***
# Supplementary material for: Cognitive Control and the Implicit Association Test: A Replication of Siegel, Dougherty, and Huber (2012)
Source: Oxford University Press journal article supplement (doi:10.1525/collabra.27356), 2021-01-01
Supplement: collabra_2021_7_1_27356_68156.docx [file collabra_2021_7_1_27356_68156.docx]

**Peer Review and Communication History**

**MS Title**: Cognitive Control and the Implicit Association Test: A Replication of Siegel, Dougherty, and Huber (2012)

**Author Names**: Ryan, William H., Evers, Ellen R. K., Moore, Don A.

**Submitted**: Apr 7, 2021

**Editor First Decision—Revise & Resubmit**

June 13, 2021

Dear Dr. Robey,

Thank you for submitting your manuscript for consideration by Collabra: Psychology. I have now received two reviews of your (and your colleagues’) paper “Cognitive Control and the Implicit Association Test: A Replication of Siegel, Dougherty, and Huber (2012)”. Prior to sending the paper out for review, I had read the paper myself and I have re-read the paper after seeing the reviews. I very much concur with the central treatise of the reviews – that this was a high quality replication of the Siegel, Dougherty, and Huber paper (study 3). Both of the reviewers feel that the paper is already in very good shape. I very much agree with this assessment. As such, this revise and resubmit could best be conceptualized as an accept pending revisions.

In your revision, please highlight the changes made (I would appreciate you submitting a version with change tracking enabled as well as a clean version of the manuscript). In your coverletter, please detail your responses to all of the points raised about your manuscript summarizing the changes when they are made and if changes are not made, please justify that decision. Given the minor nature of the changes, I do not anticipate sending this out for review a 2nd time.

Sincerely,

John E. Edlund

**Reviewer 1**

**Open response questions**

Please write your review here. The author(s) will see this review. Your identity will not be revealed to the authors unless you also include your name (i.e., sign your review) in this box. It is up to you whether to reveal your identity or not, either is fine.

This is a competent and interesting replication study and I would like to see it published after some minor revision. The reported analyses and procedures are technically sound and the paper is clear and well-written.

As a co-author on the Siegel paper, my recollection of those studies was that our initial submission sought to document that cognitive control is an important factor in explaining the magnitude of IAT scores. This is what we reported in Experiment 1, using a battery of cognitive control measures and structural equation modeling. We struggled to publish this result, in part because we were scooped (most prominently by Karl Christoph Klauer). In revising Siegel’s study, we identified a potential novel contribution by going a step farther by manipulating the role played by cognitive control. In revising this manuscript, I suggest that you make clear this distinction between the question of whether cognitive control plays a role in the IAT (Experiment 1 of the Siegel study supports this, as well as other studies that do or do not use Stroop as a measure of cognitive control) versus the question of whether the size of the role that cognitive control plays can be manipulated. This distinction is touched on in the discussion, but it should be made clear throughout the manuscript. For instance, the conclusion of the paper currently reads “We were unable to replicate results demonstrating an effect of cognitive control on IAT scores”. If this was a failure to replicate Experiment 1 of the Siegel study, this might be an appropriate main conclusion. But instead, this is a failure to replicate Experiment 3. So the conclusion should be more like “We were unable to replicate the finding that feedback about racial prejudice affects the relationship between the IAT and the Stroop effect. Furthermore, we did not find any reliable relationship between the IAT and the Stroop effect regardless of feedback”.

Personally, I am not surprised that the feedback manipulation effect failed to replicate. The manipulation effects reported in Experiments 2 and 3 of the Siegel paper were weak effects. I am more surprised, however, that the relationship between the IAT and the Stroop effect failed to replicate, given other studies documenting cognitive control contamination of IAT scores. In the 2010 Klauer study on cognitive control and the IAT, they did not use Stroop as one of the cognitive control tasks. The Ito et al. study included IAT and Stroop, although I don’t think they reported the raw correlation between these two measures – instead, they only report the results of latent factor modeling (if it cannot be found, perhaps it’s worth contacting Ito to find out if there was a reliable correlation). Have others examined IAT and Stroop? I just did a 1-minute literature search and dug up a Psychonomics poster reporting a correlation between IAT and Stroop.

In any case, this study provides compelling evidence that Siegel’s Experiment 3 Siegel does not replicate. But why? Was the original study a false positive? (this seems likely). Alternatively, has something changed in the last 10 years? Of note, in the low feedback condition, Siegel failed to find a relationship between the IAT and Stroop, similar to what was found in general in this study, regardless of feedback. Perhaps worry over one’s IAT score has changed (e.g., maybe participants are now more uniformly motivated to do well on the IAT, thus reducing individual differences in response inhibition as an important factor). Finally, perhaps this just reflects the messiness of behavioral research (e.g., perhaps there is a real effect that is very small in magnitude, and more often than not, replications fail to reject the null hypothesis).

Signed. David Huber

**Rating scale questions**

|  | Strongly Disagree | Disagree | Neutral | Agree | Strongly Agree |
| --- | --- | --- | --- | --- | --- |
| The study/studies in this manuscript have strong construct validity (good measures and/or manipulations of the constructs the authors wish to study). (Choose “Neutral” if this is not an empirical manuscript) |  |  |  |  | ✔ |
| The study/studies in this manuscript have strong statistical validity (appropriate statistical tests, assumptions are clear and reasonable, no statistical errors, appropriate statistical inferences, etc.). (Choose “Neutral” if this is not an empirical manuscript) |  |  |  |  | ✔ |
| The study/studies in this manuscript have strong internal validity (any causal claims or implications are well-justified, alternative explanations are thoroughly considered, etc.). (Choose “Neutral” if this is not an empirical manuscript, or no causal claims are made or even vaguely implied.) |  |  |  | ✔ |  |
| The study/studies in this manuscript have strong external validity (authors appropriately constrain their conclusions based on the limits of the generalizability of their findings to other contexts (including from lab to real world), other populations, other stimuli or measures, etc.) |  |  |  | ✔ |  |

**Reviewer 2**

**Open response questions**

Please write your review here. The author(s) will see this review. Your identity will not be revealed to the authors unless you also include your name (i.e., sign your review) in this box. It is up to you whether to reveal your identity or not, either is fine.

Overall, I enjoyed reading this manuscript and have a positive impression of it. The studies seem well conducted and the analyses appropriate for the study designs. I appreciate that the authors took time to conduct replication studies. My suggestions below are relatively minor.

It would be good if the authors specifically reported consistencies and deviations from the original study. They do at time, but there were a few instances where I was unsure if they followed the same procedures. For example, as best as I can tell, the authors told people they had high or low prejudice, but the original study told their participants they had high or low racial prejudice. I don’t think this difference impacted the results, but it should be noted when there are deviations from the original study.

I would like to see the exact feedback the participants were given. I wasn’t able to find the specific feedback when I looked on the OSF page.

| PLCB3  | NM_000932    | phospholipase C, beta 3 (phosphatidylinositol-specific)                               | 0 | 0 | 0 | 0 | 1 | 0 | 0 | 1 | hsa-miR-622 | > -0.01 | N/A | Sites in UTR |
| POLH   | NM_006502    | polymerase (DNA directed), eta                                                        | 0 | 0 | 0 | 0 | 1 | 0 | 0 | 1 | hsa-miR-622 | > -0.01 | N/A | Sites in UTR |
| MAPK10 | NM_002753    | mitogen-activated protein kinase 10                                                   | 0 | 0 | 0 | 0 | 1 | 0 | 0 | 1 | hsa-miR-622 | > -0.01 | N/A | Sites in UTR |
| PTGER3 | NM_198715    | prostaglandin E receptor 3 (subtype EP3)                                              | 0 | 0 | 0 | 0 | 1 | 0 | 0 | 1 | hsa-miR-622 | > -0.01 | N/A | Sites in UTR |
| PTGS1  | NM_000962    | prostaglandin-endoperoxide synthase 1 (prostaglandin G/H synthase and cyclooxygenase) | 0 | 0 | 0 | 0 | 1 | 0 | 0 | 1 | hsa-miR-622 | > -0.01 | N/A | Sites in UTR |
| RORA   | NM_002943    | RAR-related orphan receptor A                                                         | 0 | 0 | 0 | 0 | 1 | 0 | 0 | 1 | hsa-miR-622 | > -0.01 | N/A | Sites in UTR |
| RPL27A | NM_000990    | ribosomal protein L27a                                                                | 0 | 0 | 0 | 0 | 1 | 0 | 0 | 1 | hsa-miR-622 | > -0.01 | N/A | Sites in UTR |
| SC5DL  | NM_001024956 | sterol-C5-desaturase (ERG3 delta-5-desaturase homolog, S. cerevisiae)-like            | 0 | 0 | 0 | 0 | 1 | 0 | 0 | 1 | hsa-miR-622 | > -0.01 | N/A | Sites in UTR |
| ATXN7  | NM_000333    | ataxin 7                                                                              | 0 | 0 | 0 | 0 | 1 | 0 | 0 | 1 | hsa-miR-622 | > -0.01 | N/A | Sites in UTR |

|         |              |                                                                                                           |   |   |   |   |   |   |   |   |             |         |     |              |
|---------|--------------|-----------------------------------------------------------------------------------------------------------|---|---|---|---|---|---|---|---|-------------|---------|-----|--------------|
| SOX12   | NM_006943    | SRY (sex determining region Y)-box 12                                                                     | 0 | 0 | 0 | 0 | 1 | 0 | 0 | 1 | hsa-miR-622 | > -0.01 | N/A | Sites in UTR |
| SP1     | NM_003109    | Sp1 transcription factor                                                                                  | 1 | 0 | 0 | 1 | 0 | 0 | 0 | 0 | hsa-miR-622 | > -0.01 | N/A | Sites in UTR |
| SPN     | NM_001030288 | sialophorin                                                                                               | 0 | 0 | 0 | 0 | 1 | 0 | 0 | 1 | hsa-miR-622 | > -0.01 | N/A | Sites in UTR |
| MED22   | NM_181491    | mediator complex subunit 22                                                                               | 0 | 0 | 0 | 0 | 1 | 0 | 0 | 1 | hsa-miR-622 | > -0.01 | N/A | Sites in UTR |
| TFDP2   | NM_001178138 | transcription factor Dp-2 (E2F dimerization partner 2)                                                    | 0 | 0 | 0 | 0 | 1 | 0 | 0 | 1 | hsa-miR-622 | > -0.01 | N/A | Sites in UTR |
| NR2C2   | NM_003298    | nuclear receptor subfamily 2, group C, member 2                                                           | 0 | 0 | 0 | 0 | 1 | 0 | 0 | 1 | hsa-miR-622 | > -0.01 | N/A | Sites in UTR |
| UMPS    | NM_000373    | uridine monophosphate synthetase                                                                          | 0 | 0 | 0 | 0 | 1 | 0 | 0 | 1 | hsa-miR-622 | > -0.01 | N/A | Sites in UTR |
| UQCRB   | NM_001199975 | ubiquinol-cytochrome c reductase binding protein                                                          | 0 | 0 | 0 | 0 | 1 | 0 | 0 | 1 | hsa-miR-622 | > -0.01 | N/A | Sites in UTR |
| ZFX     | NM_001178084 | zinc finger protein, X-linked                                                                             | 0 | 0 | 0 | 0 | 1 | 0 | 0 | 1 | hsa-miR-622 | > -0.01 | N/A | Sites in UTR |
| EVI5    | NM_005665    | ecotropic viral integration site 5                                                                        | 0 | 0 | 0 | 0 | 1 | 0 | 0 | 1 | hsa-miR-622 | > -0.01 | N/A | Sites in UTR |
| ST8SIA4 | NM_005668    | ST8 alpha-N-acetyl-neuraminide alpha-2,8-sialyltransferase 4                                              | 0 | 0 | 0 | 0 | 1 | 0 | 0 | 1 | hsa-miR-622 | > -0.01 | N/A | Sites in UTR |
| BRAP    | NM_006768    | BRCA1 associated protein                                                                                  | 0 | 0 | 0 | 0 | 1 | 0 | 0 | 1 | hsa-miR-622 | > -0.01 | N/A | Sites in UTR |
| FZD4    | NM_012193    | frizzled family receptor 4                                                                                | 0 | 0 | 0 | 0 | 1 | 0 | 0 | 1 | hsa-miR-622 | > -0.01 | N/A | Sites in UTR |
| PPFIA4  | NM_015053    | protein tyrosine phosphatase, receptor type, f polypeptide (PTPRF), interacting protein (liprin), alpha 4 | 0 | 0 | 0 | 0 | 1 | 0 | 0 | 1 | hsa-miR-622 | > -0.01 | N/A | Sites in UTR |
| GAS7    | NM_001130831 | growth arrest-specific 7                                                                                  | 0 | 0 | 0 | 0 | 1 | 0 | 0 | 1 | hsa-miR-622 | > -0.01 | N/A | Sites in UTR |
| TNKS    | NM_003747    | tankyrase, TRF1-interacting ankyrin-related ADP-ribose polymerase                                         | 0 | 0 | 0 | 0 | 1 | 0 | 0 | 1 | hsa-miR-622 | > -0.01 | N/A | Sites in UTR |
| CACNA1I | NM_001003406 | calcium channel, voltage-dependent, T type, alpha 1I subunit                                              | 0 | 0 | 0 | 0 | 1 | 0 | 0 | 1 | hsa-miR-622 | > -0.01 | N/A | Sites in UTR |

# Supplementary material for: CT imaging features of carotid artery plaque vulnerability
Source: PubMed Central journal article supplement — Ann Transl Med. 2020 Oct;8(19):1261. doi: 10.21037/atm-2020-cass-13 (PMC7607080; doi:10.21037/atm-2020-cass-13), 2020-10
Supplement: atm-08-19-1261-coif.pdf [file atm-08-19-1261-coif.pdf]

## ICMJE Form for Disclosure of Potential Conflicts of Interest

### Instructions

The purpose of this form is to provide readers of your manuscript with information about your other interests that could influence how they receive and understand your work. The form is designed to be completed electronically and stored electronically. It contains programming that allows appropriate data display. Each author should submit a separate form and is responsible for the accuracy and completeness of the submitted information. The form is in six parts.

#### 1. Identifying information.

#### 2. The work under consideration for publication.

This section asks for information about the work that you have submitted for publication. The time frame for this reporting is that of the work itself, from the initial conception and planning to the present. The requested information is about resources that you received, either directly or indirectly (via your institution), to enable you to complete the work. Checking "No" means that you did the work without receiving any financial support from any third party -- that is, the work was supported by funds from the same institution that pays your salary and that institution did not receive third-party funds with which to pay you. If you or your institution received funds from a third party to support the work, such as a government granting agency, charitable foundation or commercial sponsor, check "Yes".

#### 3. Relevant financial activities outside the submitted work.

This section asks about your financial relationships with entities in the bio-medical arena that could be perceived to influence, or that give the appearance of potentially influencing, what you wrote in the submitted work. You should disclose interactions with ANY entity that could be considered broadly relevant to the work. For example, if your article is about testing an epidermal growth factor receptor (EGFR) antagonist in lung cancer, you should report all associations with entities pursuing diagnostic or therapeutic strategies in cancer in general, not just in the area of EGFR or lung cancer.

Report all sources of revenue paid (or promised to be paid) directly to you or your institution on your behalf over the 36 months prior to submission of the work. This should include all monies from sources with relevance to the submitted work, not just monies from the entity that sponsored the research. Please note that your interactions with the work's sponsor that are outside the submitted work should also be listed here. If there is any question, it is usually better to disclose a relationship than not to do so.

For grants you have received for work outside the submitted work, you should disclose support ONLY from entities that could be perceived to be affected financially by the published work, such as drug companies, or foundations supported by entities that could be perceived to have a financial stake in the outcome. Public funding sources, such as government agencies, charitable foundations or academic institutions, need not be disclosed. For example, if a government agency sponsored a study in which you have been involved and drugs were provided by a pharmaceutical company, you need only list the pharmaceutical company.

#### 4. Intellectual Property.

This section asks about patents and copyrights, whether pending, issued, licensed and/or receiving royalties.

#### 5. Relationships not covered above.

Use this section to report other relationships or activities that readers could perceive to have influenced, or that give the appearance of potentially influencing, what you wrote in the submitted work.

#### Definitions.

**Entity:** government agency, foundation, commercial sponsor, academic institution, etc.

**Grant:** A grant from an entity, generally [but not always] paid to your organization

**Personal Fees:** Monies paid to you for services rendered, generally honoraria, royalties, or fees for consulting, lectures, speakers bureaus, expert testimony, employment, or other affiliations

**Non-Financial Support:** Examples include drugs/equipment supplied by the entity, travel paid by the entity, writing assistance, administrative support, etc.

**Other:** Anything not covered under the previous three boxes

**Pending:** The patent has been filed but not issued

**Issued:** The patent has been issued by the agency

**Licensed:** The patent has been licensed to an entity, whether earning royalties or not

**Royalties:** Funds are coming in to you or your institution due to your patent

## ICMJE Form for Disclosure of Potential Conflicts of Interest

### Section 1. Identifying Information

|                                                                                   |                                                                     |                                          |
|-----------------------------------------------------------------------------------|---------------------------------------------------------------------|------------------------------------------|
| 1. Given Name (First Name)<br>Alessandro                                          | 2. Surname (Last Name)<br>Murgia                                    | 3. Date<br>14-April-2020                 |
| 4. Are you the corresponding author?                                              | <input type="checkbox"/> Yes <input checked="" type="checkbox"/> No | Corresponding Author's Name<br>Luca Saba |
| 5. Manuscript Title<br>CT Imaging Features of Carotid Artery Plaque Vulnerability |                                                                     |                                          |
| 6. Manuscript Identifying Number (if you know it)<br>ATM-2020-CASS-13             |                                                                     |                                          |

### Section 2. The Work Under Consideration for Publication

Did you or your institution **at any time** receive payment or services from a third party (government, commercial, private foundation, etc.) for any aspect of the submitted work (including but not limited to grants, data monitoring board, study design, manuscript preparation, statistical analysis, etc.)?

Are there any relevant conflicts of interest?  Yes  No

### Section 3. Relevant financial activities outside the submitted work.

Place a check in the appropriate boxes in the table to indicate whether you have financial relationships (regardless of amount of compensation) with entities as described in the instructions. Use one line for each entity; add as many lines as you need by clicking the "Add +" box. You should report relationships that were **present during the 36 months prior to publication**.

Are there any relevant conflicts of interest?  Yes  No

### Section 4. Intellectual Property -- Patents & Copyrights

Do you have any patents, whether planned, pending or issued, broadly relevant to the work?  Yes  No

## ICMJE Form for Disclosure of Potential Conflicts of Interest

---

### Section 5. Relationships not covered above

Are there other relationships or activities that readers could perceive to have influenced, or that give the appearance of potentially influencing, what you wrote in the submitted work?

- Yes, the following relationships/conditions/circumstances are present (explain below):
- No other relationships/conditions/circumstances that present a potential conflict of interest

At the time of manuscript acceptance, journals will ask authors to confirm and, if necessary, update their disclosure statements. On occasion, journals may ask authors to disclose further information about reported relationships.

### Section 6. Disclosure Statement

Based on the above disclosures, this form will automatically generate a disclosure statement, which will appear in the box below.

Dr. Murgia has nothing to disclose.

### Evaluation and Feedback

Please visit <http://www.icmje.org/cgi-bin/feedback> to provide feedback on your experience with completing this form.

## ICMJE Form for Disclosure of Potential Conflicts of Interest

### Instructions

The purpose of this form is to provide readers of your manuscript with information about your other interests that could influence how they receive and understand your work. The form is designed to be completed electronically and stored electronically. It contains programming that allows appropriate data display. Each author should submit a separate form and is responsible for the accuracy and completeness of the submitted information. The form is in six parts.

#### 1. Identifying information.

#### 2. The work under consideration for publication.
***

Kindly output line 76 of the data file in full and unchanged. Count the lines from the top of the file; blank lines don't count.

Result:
For grants you have received for work outside the submitted work, you should disclose support ONLY from entities that could be perceived to be affected financially by the published work, such as drug companies, or foundations supported by entities that could be perceived to have a financial stake in the outcome. Public funding sources, such as government agencies, charitable foundations or academic institutions, need not be disclosed. For example, if a government agency sponsored a study in which you have been involved and drugs were provided by a pharmaceutical company, you need only list the pharmaceutical company.